We Remember Ashley Smith:

12 Feb

We Remember Ashley Smith:
Update on the Coroners Inquest +
Undoing Myths and Mobilizing in the Community

Wednesday February 20th, 7-9pm

Queen Street Commons Cafe, 43 Queen South, Kitchener
no purchase necessary, one single use washroom,
wheelchair accessible, near bus terminal,
kid and baby friendly with toys and change-table,
vegan, veg and gluten free foods for sale from cafe

About:
In remembering Ashley Smith, we work to dismantle the systems of oppression
that took her life. We know that her story is, tragically, not unique.
We as a community must react to ensure that this state brutality comes to an end.

After a 5 year delay, there is currently underway a mandatory Coroners Inquest
into the death of Ashley Smith. Come out and learn about the possibilities and
limitations of the process. We will offer an update on the proceedings and we
will also explore ways that the community can mobilize outside of the institutional
structures.

In all of our work we hope to undo the many myths built up around Ashley Smith
and others deemed to be suffering poor mental health. These myths are internalized
from our socialization in a capitalist society and are also fed by the medias framing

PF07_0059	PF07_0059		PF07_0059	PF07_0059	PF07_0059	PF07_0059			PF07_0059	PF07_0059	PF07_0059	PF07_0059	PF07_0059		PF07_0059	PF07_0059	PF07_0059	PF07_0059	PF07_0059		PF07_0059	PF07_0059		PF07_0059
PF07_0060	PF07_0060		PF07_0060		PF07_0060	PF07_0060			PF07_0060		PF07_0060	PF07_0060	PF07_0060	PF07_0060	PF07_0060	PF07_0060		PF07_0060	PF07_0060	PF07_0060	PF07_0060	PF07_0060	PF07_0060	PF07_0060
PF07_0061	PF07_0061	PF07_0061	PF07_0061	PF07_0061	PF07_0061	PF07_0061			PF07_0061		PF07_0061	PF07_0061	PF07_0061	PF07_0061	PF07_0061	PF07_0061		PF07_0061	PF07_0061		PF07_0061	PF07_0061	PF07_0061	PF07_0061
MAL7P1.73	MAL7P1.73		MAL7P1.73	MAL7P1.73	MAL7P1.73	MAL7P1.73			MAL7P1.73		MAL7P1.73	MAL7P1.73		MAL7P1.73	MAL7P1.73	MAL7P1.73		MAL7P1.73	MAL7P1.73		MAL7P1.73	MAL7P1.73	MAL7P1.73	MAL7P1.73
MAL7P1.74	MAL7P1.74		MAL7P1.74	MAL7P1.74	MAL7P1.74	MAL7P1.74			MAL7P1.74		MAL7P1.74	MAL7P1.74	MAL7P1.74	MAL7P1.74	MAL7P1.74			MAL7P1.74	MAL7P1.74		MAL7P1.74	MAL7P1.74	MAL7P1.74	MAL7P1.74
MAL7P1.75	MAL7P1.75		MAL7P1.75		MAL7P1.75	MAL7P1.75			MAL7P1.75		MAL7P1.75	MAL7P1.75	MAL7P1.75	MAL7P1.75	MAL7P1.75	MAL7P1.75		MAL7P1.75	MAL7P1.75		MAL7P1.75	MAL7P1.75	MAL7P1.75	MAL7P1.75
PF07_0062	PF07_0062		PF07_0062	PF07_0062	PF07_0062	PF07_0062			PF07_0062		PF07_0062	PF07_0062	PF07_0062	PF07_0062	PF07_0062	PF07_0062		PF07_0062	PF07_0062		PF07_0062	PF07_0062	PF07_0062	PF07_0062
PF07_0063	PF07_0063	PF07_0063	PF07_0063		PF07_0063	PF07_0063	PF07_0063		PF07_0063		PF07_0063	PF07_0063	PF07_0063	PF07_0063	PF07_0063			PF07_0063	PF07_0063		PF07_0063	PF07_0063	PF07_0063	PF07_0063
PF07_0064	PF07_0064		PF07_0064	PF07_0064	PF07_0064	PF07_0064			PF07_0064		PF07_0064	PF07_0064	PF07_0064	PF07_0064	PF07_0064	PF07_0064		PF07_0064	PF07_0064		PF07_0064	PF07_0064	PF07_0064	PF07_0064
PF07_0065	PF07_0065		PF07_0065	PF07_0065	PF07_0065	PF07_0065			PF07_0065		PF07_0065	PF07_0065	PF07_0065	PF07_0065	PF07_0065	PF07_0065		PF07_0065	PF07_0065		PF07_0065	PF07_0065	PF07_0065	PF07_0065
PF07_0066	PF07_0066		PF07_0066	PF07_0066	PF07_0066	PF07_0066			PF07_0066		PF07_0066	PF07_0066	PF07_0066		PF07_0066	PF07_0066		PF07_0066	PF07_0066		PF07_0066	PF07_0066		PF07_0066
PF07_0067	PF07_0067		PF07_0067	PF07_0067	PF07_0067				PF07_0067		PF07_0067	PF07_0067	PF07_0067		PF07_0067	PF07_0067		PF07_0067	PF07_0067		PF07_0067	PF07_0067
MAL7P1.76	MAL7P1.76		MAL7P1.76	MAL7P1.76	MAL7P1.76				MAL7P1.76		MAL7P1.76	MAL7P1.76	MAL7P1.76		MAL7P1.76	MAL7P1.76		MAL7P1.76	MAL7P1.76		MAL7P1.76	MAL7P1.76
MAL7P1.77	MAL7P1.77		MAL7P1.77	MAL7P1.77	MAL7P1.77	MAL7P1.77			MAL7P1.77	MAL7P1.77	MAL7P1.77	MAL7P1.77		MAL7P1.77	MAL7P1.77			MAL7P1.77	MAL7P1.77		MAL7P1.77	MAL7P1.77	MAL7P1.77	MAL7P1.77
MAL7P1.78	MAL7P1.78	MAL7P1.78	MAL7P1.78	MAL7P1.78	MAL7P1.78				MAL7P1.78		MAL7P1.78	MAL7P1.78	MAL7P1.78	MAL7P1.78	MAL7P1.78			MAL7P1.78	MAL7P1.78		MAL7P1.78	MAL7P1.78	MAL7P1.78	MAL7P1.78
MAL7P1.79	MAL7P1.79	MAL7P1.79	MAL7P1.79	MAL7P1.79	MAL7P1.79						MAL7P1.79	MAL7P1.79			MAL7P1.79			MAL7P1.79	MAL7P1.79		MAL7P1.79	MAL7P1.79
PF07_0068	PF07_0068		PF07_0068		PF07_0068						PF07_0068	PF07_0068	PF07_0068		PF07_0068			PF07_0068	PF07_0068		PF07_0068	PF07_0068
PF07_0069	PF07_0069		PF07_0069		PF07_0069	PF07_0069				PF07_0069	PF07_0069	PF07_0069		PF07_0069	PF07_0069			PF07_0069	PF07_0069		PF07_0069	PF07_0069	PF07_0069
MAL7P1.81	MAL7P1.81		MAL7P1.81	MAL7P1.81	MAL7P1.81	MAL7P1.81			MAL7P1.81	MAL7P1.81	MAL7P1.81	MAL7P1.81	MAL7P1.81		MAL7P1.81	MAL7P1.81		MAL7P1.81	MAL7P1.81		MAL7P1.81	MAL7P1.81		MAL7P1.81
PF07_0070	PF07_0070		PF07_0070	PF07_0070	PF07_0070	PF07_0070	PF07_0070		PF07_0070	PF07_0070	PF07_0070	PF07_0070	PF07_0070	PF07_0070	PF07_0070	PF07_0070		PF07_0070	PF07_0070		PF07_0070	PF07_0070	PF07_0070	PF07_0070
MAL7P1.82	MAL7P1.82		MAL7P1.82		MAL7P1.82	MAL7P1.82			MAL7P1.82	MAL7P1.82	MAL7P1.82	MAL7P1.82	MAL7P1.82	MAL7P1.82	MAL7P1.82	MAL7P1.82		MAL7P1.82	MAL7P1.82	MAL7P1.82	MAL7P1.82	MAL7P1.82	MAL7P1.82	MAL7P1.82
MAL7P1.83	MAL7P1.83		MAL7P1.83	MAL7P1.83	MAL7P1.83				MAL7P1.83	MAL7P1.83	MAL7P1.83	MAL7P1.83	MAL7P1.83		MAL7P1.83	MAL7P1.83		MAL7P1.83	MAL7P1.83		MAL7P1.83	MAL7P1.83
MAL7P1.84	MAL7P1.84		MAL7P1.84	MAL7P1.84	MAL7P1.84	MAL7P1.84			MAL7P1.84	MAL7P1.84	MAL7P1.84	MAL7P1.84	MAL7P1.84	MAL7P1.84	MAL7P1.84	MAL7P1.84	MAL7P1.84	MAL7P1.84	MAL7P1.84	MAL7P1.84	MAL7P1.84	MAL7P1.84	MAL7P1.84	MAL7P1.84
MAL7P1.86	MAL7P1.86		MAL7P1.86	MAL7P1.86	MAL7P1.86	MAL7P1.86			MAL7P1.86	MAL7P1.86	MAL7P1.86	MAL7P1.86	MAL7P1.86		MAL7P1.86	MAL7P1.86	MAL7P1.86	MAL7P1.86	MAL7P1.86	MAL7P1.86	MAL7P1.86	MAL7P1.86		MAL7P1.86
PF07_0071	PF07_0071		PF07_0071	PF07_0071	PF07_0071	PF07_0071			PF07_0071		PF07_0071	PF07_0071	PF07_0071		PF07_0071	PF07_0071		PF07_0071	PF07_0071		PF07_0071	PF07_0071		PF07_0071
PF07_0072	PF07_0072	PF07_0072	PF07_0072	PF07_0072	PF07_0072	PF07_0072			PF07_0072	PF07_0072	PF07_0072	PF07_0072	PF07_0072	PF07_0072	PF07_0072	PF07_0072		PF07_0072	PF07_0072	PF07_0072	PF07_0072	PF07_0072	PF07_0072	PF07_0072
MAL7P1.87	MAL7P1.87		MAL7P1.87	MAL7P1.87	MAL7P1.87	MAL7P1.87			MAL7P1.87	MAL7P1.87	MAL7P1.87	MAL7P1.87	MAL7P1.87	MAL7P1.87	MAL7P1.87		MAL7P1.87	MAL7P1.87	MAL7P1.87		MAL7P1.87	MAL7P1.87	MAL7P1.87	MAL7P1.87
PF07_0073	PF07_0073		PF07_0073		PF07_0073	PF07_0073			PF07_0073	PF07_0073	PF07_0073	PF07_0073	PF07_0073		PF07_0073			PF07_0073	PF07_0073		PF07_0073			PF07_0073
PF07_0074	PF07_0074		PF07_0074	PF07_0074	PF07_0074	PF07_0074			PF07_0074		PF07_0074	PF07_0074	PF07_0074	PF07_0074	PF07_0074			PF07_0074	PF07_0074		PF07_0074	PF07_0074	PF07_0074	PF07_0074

of Ashley Smith’s plight. Lets be sure not to duplicate them in our own life and work.

Background:

Ashley Smith January 29, 1988 – October 19, 2007

Ashley Smith died at the age of 19 in a segregation cell at the Grand Valley Institution

for Women in Kitchener. Having been denied a transfer to a psychiatric facility and

on suicide watch, Ashley tied a ligature around her neck and, while staff watched,

asphyxiated to death.

When Ashley Smith was 13 she threw a crab apple at a postal worker.

That act and other school incidents started Ashley’s experiences within the penal system.

Ashley spent most of her teenage years, starting at age 15, imprisoned,
mostly in segregation units. In the 11 months before her death, Ashley was moved 17 times

amongst 8 facilities in 4 provinces. Each transfer undermined her trust in staff and in the

correctional system, resulted in escalating ‘acting out’ behaviours, and assessments by the

Correctional Service that she was increasingly ‘difficult to manage’.

Her self-harming and ‘problematic’ behaviour have since been recognized as desperate

attempts for human interaction. Studies have demonstrated the severe, damaging effects of

prolonged segregation on human beings.

Reports of the Federal Correctional Investigator and New Brunswick Ombudsman attribute

Ashley’s death to failures of individual staff and to much deeper failures within the correctional

and mental health systems themselves. A provincial corner’s inquest was launched in Ontario

but was halted in September 2011 du to legal challenges and logistical obstacles.

Hearings are now underway, with a new inquest to begin in 2013.

Again federal correctional authorities, and now doctors involved in Ashley’s care, are filing motions

to seal key evidence from the inquiry and the public.

Family lawyer, Julian Falconer on motions to suppress evidence:
“This is a classic example of the method of doing business by the

Correctional Service of Canada.” “Pure and simple state cover-up”

More details to come. Web site launches soon!
contact: ianhstumpf@gmail.com, or shannon.balla@gmail.com

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